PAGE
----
Character: Easter

Inspiration: Ostara

Also blurring the boundaries between the Old and the New, Easter is the very definition of a modern Old God. Conflicted by the fact that the worship she benefits from is received through the prism of Christianity after Jesus effectively stole her festival, Easter is Gaiman’s version of Ostara or Eostre, a Germanic goddess worshipped in times gone by in order to ensure the onset of Spring. In American Gods: Season One, Bryan Fuller re-teams with Pushing Daisies stalwart and stage icon Kristin Chenoweth, who brings her usual bubblegum-with-edge lustre to what transpires to be a pivotal role. Stating that her collusion with the New Gods (Easter lives on as a media-centric festival just as Christmas does, whether or not celebrants are also Christian) is just ‘religious Darwinism’, Easter nevertheless can’t resist the call of her worshippers when Wednesday shows up on Easter Sunday to place the cat firmly amongst the pigeons.



Character Name: Media

Media, by her own admission, was born at the beginning of the radio age. As soon as Orson Welles caused panic on the streets of America with his pioneering radio broadcast of ‘War of the Worlds’, people began to understand the power of Media and Media began to understand the power she could wield as people starting worshipping their TV, cinemas and radios and forgetting about their churches. Appearing to Shadow Moon first as Lucille Ball in a shopping mall TV wall, and later channelling David Bowie, Marilyn Monroe and Judy Garland, Media is played to perfection by Gillian Anderson, clearly having the time of her life and proving that the dream pairing of her and Fuller on Hannibal was no flash in the pan.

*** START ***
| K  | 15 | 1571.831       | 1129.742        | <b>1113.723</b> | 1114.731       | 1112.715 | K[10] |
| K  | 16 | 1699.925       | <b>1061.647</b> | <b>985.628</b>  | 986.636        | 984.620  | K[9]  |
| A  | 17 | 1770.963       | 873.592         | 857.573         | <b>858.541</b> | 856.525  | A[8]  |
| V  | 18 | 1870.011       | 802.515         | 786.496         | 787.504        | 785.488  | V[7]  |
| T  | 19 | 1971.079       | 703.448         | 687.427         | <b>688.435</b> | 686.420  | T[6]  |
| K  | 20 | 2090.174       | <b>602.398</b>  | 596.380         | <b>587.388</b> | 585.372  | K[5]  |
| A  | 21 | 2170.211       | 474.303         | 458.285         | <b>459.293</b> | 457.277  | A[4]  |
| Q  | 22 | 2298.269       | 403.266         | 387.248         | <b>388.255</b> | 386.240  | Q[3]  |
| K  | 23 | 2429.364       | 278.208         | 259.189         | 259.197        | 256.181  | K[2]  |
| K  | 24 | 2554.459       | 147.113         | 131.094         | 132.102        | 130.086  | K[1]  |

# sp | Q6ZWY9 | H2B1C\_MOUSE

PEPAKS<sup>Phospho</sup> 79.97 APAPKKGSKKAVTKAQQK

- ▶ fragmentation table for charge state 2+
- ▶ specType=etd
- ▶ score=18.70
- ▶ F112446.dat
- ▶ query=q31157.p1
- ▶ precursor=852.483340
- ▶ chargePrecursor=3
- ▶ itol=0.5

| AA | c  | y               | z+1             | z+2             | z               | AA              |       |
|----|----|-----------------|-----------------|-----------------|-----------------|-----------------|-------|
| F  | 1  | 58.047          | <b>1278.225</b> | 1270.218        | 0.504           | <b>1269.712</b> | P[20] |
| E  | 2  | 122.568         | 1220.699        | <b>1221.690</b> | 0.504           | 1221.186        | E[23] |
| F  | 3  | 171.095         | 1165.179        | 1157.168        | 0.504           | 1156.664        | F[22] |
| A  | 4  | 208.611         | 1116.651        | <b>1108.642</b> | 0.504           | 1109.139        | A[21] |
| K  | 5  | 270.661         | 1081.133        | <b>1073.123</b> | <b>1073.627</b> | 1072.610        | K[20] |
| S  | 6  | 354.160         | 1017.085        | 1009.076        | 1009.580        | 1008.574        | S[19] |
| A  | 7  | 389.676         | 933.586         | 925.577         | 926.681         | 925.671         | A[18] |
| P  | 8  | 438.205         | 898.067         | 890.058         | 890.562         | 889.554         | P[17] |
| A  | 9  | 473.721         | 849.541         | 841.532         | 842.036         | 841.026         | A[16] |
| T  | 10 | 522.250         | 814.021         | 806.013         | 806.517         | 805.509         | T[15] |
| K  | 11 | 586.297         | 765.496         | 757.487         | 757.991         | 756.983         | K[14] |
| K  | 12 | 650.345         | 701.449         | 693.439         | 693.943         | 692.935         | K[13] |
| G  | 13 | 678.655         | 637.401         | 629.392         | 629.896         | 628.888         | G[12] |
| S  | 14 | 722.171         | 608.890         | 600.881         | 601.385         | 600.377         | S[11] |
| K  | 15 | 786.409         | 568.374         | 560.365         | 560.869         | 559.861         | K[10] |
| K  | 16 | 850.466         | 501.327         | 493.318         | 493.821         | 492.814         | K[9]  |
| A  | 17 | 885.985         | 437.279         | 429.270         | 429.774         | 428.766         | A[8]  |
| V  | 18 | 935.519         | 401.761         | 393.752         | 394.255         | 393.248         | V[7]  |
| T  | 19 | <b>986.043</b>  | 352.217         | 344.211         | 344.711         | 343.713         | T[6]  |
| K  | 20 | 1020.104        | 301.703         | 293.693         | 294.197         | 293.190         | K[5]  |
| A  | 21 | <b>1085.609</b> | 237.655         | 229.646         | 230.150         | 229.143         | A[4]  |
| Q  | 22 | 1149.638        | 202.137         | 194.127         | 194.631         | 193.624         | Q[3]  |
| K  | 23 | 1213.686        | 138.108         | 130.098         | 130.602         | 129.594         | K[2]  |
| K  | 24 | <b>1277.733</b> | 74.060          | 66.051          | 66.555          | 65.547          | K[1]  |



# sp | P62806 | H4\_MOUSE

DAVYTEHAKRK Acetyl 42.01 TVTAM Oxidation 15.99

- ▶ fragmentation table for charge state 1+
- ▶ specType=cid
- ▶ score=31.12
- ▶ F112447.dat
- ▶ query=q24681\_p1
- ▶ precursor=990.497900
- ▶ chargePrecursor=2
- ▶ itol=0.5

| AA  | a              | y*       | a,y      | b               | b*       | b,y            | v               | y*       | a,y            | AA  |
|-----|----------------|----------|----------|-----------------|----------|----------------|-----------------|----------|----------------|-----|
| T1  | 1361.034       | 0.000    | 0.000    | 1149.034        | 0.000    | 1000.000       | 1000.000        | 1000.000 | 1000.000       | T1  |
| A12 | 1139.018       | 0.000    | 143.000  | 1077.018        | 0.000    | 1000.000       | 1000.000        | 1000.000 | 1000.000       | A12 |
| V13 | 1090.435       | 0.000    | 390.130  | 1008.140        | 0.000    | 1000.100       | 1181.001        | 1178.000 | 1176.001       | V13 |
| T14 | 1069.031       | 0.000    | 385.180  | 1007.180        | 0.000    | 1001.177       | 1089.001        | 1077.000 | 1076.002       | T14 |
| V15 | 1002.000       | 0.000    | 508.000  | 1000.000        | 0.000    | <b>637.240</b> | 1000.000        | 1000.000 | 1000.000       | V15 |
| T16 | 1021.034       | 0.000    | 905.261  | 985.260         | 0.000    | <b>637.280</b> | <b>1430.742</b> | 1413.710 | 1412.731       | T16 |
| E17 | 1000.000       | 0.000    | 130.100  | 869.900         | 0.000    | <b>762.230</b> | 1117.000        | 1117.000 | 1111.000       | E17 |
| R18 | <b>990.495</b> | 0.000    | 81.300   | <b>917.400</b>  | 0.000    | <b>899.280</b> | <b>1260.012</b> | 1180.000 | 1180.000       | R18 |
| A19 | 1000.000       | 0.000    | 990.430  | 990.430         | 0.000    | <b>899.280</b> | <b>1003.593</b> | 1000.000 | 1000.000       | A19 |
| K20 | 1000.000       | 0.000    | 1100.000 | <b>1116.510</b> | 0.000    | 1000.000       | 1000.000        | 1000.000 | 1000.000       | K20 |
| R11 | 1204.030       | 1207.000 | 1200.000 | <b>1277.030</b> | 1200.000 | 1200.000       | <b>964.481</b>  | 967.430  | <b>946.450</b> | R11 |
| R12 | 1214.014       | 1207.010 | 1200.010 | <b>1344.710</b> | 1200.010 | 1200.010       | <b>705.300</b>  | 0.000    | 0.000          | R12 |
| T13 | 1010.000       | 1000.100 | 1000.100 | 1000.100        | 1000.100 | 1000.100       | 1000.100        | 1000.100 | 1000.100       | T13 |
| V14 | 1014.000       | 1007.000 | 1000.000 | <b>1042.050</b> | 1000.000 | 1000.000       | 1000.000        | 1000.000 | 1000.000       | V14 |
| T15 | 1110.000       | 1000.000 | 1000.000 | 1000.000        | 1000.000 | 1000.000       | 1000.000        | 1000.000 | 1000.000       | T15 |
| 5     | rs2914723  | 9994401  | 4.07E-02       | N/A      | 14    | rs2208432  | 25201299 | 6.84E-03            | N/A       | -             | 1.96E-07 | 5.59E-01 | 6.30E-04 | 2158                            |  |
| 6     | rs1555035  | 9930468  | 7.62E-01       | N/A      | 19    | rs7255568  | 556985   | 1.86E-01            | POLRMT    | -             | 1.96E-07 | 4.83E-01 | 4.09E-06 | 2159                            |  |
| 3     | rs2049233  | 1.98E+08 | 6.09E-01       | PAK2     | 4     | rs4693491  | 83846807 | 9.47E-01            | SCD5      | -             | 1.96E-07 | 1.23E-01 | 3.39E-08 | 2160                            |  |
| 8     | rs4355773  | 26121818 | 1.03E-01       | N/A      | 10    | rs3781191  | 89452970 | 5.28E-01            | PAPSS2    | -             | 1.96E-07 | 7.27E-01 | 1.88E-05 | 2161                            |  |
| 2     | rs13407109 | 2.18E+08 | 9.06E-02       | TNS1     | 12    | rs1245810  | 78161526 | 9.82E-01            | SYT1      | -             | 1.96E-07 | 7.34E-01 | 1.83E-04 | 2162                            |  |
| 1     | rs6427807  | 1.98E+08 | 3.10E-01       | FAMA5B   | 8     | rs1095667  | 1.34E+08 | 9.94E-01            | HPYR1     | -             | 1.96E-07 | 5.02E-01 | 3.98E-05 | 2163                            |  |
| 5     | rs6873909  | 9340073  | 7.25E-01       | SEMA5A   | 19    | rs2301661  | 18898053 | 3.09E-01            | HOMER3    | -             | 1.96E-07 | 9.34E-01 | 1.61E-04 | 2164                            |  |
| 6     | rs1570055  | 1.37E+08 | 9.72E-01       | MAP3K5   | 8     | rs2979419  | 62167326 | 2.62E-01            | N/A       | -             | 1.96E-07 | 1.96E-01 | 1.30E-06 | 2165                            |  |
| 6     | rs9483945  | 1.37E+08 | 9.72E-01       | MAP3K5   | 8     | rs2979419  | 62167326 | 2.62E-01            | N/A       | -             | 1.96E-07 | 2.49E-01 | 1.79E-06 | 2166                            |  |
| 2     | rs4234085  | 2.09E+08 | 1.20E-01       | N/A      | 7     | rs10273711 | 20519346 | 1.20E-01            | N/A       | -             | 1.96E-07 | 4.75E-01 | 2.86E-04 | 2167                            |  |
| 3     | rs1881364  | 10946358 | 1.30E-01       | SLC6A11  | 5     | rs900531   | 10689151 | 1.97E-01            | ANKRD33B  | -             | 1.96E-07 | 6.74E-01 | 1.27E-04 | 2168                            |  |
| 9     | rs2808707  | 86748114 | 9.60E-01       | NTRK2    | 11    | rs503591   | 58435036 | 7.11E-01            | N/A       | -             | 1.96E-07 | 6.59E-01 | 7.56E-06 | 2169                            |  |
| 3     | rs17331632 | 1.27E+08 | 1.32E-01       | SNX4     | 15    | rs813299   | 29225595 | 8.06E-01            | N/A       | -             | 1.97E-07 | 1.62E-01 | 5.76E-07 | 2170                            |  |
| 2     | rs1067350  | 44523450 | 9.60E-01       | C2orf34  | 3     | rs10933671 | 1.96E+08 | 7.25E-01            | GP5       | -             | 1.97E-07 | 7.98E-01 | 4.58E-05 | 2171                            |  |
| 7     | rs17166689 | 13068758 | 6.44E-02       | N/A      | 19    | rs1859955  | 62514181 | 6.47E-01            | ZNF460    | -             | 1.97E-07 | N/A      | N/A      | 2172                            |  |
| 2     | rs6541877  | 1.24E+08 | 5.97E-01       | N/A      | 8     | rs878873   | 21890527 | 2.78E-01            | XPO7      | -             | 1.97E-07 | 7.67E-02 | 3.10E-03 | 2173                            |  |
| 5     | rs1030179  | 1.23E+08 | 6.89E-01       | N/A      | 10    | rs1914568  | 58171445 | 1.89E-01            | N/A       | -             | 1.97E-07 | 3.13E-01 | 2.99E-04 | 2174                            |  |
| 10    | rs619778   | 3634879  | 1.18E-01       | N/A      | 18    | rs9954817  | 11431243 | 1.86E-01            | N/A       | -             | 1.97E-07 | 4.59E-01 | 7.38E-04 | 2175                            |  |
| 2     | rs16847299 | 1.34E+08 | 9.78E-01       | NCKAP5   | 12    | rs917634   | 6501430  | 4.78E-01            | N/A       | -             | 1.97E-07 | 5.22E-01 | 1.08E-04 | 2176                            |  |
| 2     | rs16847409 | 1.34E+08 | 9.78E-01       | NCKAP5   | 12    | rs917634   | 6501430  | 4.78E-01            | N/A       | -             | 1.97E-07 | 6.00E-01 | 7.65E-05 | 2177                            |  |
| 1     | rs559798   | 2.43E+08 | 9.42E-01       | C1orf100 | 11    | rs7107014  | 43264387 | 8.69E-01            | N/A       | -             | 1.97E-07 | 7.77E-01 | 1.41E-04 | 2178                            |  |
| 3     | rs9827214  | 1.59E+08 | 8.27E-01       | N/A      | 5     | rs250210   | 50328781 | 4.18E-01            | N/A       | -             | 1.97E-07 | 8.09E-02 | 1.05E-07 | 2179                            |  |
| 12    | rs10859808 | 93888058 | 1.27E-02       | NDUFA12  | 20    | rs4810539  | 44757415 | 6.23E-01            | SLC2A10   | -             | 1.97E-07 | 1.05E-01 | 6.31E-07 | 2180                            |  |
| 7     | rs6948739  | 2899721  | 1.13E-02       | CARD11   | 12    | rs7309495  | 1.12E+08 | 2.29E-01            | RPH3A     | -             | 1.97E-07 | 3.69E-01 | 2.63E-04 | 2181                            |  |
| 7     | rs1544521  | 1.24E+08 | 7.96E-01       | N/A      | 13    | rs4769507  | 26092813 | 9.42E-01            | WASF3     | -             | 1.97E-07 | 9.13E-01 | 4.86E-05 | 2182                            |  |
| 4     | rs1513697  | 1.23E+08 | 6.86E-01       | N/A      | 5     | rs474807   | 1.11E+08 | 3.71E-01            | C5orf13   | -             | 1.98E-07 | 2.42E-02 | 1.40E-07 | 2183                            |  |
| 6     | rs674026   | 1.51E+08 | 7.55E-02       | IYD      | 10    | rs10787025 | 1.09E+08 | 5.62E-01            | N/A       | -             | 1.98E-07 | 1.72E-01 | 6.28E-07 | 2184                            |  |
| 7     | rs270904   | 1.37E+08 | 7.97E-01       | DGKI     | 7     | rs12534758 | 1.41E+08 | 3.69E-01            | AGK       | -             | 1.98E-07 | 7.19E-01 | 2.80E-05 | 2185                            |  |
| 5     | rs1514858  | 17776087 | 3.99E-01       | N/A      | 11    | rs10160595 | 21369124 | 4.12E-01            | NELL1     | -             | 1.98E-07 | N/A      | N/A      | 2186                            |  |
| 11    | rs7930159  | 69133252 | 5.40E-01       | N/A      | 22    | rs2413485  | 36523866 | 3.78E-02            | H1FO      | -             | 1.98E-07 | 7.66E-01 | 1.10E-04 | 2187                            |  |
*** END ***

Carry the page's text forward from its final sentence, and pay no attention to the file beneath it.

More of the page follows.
Character Name: Technical Boy

In Gaiman’s original novel, Technical Boy was an overweight, food-obsessed mass of unpleasantness. In the years since its publication, however, the geek has indeed inherited the earth so the version we meet in American Gods: Season One channels every tech-obsessed, snot-nosed, scared of being left behind teenager who’s ever sneered at your outdated phone on the tube. Characterised beautifully in the series by the seemingly adorable Bruce Langley (seriously, watch a DVD extra on the box set and fail to fall a little in love with him), Technical Boy nevertheless has a face for punching, not to mention a bank of seriously cool gadgets. Oh and henchmen with no faces. There really isn’t anything not to love about this series, is there?

Character Name: Mr World

Ostensibly American Gods: Season One’s big bad (there’s so much more to it than that, but we are at least supposed to fear Mr World and seemingly everyone else does too), Mr World is something akin to the embodiment of globalisation and as such is a mass of insecurity, uncertainty and probing, preternatural surveillance. He seems keen to offer the Old Gods, or Wednesday at least, a violent truce (with Wednesday’s Allfather named as the destroyer of North Korea, a violent act sure to get him noticed again), but it’s not hard to see why the offer is declined when you look at the mighty Crispin Glover’s unhinged portrayal. Equal parts terrifying and ailing, Mr World is in just about as precarious a state as the globe he represents but don’t expect things to be quite as simple as that as American Gods continues.